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October 13 - 192010





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Saunders verdict Police admit ‘confusion’ in siege that ended in death

The end of the oceans Anew study finds a catastrophic reduction in marine life



Final letter An extraordinary lost poem by Ted Hughes has been made public

He liked it hot Actor Tony Curtis, one of Hollywood’s last matinee idols

LOTTO 06/10

LOTTO 09/10

17 9 18 23 30 35 5 11 19 29 33 35

Bonus Ball 14

Bonus Ball 46

There were five winners of Saturday’s £4.0m jackpot and one winner of Wednesday’s £2.3m prize

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Dispatches For the latest news on serving British soldiers

The Telegraph

By Thomas Harding and Richard Spencer FAMILIES of six military policemen murdered in Iraq reacted with anger and disbelief on Sunday when two men accused of their killings were released after a two-hour “trial”.

After seven years spent seeking justice, relatives spoke of their “devastation” following the abrupt dismissal of the case by an Iraqi judge. Chief Justice Baleagh Hamdi Hikmat dropped the charges against Hamza Hateer, 33, and Mussa Ismael al Fartusi, 39, after no witness accounts of the killings were presented by the prosecution.

The case has been closely followed by the military as a critical test of whether anyone will be held accountable for the deaths of other soldiers during the conflict, which claimed 179 British lives.

While seven arrest warrants remain outstanding, it appears unlikely that anyone will be brought to justice for the deaths of the Red Caps Sgt Simon Hamilton-Jewell, 41, Cpl Russell Aston, 30, Cpl Paul Long, 24, Cpl Simon Miller, 21, L/Cpl Benjamin Hyde, 23, and L/Cpl Tom Keys, 20.

A 2006 inquest into the deaths of the six, at the hands of a vengeful Iraqi mob, heard that they had not been warned of the tensions in the area. Their supplies of

Marilyn and John Miller, whose son Cpl Simon Miller was among six British military policemen murdered by a vengeful mob in Iraq in 2003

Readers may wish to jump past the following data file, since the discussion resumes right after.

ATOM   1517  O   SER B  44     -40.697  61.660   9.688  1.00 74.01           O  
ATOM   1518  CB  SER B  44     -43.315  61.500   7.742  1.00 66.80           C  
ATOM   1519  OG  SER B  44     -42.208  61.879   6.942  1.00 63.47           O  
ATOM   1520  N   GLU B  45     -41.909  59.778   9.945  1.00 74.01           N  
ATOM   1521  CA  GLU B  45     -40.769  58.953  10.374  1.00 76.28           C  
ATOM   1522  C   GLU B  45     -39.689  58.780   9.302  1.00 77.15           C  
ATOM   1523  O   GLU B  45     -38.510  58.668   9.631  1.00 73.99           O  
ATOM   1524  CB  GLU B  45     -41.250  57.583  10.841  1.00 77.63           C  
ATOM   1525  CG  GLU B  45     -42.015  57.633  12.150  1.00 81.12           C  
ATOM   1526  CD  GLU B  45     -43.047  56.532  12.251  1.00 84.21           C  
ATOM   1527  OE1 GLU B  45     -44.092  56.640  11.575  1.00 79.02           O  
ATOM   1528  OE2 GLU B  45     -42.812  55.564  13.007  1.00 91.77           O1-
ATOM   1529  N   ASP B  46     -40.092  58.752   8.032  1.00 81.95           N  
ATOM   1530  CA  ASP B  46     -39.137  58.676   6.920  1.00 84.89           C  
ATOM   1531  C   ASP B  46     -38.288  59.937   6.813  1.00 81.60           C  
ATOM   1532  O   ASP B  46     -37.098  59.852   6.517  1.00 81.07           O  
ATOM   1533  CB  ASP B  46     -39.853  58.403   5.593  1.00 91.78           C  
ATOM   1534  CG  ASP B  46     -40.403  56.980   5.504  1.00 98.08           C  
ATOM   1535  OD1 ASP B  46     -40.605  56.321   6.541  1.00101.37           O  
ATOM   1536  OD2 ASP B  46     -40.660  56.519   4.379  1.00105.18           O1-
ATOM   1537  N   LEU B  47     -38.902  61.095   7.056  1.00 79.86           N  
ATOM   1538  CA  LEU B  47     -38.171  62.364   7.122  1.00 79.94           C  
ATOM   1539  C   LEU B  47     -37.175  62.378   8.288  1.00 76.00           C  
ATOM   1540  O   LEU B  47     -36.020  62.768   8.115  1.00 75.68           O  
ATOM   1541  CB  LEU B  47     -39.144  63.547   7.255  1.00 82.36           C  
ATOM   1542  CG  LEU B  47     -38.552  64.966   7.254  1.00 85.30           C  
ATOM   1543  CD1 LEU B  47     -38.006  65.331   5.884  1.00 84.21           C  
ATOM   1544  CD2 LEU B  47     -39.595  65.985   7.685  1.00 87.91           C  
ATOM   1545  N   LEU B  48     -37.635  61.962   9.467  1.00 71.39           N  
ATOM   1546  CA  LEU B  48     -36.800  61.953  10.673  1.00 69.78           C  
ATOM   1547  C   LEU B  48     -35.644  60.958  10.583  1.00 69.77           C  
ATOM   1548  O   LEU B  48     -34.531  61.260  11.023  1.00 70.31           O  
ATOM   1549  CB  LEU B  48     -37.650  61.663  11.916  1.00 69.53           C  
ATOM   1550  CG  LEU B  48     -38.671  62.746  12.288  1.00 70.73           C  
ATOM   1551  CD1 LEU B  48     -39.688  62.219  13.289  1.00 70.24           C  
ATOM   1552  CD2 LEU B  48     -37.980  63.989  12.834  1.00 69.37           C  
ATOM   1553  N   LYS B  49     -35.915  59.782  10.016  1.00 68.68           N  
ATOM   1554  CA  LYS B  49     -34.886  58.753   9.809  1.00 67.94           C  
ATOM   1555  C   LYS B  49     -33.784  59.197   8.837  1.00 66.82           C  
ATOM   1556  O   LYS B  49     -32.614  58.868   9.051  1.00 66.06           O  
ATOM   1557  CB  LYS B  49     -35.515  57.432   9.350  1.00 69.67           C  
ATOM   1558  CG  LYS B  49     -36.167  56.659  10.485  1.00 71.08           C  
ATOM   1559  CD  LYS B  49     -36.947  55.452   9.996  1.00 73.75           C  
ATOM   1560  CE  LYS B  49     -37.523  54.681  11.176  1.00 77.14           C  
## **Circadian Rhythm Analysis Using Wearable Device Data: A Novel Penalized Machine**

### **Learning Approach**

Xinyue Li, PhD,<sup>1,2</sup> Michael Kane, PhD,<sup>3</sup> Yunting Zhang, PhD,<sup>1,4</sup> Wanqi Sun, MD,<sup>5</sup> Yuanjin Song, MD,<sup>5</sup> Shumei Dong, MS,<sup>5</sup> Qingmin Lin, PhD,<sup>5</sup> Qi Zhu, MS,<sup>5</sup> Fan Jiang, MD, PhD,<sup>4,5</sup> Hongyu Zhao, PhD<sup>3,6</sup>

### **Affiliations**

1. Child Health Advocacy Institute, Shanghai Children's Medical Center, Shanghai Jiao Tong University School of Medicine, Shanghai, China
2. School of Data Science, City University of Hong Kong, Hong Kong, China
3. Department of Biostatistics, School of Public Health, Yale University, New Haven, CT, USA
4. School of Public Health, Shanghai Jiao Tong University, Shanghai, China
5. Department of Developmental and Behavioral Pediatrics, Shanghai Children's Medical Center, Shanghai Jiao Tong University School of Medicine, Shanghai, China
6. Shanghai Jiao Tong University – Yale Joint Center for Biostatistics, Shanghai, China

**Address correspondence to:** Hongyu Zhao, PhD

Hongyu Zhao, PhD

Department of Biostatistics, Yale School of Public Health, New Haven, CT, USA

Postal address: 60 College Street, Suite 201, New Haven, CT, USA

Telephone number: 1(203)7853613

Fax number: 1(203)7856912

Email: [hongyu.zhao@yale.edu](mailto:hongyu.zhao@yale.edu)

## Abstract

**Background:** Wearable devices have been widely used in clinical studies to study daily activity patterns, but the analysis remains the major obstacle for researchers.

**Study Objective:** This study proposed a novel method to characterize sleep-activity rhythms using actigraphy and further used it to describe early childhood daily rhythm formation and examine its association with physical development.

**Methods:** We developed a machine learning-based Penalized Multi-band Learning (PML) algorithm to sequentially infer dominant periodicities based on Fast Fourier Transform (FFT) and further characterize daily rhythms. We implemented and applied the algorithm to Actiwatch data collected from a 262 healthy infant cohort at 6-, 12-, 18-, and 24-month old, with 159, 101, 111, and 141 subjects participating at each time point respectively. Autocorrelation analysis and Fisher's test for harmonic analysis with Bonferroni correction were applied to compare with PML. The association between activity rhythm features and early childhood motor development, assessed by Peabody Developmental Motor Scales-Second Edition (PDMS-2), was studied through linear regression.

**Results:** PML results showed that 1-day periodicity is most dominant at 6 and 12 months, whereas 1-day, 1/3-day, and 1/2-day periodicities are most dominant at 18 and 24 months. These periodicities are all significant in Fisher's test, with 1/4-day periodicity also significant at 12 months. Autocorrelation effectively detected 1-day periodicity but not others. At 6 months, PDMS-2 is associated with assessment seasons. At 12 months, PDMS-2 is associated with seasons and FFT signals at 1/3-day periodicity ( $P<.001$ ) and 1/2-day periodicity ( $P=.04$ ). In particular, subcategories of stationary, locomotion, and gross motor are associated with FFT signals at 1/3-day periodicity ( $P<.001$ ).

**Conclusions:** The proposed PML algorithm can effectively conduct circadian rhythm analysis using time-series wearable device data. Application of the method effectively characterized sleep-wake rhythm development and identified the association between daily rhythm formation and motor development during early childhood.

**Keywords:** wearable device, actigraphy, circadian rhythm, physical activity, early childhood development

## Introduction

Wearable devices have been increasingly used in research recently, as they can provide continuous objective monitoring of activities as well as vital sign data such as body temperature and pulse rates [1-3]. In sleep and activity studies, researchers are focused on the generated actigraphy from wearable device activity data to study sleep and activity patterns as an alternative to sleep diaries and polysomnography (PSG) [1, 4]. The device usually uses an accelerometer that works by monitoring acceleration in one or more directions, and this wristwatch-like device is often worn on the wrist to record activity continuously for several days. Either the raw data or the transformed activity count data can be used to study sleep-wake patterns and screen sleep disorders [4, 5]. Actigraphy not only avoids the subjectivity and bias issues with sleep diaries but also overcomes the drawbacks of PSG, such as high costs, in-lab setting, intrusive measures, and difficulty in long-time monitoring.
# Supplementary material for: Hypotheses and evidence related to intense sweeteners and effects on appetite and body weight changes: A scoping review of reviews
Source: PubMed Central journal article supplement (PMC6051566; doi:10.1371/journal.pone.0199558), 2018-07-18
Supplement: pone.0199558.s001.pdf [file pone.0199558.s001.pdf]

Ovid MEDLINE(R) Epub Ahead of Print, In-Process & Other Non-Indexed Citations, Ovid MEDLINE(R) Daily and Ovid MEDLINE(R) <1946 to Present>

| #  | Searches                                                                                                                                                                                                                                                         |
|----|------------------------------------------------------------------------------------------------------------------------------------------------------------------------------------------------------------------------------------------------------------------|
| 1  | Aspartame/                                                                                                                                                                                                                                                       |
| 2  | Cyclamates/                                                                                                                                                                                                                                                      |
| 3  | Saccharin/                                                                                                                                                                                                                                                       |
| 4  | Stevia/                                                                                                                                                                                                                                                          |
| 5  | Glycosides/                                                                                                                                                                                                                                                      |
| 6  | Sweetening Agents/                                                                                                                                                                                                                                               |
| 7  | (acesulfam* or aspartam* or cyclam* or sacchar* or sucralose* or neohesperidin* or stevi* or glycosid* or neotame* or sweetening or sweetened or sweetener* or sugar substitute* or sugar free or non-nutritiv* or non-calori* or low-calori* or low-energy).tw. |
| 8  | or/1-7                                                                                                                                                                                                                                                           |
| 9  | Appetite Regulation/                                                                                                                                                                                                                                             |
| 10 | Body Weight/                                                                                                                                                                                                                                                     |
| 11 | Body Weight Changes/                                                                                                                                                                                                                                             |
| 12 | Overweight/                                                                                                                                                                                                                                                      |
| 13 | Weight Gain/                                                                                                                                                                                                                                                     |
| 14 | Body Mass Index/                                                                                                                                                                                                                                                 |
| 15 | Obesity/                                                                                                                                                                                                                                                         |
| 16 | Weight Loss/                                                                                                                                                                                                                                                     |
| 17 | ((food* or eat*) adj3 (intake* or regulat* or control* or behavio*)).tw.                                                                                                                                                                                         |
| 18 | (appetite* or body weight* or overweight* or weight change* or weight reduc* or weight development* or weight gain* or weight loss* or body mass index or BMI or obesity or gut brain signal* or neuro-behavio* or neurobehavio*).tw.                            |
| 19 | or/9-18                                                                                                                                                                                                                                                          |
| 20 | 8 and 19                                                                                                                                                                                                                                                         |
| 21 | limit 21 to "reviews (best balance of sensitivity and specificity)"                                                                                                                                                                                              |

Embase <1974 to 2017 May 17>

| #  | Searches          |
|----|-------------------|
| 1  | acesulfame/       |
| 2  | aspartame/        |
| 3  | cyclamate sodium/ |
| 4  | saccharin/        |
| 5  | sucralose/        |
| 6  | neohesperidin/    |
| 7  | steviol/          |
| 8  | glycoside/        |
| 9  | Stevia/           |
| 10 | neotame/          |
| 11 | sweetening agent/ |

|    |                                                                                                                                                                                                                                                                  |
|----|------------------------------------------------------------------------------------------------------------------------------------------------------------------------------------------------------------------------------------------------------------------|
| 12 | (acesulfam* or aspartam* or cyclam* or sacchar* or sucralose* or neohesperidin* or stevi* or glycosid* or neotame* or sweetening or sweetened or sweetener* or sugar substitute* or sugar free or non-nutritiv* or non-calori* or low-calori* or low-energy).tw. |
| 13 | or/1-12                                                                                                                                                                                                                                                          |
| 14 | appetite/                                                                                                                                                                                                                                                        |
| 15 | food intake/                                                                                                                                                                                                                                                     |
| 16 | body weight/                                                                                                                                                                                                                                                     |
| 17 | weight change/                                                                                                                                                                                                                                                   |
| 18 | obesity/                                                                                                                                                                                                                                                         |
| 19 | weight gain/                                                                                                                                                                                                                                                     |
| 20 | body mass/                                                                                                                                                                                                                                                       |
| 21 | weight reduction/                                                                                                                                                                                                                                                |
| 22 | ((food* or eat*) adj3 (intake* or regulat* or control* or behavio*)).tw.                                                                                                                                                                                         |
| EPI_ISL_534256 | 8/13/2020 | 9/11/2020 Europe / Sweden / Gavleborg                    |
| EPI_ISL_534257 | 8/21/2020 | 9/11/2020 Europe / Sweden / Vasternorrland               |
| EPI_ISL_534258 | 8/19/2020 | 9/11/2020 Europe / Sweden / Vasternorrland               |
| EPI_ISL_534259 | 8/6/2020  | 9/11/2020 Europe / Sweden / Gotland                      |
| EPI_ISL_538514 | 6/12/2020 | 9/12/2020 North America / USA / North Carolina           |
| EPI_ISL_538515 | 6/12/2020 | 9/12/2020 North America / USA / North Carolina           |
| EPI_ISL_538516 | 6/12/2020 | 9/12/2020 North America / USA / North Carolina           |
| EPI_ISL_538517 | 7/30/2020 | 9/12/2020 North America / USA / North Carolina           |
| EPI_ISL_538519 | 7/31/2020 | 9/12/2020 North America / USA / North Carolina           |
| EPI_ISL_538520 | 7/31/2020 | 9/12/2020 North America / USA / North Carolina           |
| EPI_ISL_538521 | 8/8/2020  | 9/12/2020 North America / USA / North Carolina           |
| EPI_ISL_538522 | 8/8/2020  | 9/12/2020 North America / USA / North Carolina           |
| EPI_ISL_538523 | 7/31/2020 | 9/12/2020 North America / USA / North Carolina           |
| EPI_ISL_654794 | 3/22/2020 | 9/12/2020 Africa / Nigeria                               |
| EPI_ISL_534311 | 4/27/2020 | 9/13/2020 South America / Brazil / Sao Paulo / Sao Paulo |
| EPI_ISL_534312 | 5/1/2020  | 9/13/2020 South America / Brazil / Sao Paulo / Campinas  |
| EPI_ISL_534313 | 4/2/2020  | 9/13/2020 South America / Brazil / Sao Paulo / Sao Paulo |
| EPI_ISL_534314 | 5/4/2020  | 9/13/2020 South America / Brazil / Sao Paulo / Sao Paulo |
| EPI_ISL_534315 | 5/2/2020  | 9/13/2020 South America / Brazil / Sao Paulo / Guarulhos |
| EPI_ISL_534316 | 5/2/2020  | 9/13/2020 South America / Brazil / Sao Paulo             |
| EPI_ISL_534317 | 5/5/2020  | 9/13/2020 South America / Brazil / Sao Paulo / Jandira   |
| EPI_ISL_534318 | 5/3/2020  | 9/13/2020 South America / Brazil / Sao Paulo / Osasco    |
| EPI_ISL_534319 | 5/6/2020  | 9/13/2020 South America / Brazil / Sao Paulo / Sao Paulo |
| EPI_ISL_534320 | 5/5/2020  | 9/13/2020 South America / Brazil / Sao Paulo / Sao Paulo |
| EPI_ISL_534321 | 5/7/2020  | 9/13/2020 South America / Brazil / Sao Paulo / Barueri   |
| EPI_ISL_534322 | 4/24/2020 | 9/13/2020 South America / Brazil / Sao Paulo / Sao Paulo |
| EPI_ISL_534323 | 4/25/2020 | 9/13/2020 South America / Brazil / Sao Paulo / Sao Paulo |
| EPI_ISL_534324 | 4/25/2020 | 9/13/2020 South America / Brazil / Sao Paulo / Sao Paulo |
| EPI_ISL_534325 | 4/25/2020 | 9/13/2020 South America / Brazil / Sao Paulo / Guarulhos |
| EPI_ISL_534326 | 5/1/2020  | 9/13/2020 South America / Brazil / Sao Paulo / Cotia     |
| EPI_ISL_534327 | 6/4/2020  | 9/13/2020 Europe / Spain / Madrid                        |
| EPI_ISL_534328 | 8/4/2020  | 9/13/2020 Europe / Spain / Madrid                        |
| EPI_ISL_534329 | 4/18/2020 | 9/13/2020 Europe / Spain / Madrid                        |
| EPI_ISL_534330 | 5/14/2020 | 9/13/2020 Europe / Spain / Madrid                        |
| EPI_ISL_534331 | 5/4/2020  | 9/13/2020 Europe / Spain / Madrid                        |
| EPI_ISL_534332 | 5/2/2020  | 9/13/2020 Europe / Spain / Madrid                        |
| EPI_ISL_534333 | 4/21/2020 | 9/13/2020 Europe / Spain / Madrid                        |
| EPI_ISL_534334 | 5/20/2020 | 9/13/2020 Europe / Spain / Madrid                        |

ammunition and radios were also deemed to be inadequate.

Cpl Miller’s father said he was “devastated” and criticised the decision to deny the families access to the court.

“My son was let down so badly in life, now he has been let down so badly in death,” said John Miller, 59. “I don’t understand how this can happen. This is exactly why we wanted to be at the trial, we needed to be there.”

He also attacked the British Government over its handling of the case and its failure to keep relatives informed.

John Hyde, father of L/Cpl Hyde, called the case a “farce”. “I can’t see any reason why the charges should have been dropped. The only reason I can think is that the trial judge is frightened of repercussions,” he said.

Mike Aston, father of Cpl Aston, said the decision had deprived him of “closure” over his son’s death.

During the short hearing at Baghdad’s central criminal court, the three-judge panel questioned nine witnesses, mostly Iraqi police, but none said they saw the killings.

“The court did not see sufficient proof to condemn you and has decided to release you,” Mr Hikmat told the defendants.

By James Kirkup LIBERAL Democrat ministers including Nick Clegg and Vince Cable will refuse to back the Coalition’s plans to raise university tuition fees, party sources have said.

Their rejection of higher education reforms would leave the Conservatives trying to push the measure through the Commons alone, in the face of opposition from Labour and Lib Dem backbenchers.

Lord Browne is due to publish his independent review of university funding this week, rejecting the Lib Dem plan for a dedicated tax on graduates and recommending colleges be allowed to increase fees substantially. The Browne review will suggest removing entirely the cap on annual fees, allowing universities complete freedom to set their price for each year’s tuition.